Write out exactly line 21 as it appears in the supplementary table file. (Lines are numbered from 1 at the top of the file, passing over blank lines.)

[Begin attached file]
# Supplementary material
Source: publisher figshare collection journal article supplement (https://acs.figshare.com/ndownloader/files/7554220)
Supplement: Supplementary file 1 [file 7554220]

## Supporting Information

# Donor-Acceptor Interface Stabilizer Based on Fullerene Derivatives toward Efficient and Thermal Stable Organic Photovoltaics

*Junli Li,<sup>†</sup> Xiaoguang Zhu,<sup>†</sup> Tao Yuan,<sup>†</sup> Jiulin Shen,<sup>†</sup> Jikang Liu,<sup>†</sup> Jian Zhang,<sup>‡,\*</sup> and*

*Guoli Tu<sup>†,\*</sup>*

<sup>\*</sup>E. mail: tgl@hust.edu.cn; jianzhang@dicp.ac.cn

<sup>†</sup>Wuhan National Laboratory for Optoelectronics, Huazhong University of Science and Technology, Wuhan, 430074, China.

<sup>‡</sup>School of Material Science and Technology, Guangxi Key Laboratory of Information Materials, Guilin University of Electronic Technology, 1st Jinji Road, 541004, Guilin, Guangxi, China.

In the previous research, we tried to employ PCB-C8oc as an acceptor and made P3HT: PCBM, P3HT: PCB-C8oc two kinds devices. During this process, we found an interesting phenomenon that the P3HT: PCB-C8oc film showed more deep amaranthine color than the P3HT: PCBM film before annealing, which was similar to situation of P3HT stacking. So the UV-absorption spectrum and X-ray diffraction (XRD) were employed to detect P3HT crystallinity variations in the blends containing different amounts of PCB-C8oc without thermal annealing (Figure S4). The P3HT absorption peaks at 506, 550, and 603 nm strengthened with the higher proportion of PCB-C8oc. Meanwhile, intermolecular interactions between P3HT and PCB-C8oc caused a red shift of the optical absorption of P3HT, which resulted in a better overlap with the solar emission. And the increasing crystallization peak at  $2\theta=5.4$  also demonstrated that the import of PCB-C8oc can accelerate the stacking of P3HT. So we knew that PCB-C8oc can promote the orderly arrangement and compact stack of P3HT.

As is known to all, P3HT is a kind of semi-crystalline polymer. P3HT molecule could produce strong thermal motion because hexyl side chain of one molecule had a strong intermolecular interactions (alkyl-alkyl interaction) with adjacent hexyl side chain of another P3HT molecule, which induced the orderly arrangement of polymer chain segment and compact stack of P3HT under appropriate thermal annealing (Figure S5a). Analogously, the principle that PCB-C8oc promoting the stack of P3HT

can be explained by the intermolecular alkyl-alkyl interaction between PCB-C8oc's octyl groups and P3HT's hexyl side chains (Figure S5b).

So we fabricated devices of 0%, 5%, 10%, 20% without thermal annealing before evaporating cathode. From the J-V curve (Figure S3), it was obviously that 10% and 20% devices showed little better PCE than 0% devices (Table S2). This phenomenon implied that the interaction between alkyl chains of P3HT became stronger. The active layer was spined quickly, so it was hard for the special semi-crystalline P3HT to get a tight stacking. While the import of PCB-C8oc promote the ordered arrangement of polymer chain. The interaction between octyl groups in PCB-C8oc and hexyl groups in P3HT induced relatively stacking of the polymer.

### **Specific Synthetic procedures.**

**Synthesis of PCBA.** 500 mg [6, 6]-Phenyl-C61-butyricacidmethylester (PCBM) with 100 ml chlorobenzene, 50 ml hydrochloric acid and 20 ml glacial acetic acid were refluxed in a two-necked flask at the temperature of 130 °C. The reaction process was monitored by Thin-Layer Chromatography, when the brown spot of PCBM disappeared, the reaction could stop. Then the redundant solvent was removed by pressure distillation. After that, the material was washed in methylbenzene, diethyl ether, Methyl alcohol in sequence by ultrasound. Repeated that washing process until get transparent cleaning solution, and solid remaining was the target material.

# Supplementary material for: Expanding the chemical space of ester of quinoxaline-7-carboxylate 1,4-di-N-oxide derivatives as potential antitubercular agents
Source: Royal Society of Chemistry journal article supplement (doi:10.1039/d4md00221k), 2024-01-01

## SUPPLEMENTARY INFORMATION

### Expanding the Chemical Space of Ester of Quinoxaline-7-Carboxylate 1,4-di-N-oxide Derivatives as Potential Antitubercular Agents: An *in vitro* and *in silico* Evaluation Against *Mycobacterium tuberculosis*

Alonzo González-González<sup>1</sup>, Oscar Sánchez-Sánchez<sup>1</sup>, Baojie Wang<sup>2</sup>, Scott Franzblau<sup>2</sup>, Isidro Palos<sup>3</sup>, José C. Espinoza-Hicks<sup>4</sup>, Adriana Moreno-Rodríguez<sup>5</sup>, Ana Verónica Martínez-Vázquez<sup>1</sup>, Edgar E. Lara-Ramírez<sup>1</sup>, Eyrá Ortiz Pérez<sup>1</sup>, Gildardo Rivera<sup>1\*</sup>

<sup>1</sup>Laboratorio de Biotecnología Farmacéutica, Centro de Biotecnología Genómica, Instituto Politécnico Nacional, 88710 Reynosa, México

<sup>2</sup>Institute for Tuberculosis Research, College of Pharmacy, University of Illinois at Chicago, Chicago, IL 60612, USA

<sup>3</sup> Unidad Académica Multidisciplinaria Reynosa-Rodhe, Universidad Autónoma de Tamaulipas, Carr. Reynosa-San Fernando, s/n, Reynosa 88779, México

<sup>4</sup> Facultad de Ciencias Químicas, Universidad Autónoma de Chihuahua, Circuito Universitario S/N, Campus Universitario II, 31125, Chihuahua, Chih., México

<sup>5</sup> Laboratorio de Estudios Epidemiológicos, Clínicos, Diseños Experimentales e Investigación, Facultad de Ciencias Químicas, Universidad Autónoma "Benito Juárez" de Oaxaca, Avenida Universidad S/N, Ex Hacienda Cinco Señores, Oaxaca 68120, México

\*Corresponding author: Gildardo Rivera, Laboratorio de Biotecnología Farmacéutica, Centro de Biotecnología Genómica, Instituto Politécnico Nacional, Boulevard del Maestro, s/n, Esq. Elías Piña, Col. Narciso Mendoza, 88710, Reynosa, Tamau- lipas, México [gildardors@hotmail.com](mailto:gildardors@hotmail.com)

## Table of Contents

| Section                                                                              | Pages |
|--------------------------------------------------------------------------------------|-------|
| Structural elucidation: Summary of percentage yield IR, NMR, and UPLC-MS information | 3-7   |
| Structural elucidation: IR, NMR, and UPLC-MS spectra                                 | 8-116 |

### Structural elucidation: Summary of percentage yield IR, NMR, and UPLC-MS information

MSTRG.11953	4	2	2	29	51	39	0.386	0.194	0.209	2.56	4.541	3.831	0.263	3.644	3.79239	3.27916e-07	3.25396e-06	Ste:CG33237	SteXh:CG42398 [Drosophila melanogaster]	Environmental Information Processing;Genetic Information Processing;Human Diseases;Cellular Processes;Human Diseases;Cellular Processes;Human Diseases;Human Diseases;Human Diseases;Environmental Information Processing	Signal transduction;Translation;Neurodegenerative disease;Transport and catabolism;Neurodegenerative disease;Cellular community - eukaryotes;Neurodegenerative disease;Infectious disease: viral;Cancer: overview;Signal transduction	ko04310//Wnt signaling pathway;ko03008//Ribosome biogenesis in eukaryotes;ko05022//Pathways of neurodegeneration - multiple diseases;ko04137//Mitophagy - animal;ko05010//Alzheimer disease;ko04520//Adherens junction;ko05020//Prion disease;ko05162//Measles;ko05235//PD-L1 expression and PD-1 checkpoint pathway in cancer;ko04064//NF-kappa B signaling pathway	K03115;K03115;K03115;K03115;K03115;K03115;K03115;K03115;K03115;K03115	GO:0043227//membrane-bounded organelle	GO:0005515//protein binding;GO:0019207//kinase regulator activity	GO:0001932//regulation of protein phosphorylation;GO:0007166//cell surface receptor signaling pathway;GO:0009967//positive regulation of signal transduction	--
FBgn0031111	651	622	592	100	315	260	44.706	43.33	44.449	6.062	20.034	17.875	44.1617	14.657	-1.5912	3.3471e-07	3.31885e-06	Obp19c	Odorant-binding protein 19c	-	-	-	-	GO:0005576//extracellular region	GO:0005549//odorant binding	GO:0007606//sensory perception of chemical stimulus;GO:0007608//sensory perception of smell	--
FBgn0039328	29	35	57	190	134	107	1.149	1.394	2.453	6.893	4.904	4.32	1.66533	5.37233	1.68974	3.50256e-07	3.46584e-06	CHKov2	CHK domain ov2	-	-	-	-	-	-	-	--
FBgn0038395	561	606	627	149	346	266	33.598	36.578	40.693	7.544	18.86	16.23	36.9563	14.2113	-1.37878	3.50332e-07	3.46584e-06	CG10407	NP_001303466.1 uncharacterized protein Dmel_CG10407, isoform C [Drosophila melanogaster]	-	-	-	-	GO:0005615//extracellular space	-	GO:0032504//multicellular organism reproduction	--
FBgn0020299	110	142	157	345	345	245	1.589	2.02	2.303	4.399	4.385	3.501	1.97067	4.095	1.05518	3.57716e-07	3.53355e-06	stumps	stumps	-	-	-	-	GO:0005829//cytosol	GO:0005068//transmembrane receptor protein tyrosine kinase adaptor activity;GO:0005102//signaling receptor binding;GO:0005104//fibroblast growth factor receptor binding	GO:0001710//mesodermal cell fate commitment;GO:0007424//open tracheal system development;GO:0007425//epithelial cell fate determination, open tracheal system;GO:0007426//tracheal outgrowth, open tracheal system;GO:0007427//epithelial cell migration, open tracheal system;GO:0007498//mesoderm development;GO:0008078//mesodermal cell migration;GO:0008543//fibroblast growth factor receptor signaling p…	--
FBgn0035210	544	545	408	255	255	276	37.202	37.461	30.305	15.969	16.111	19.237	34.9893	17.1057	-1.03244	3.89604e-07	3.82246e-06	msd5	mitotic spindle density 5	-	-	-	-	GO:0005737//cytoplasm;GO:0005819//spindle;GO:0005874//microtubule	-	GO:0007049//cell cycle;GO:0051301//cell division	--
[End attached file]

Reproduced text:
Alonzo González-González<sup>1</sup>, Oscar Sánchez-Sánchez<sup>1</sup>, Baojie Wang<sup>2</sup>, Scott Franzblau<sup>2</sup>, Isidro Palos<sup>3</sup>, José C. Espinoza-Hicks<sup>4</sup>, Adriana Moreno-Rodríguez<sup>5</sup>, Ana Verónica Martínez-Vázquez<sup>1</sup>, Edgar E. Lara-Ramírez<sup>1</sup>, Eyrá Ortiz Pérez<sup>1</sup>, Gildardo Rivera<sup>1\*</sup>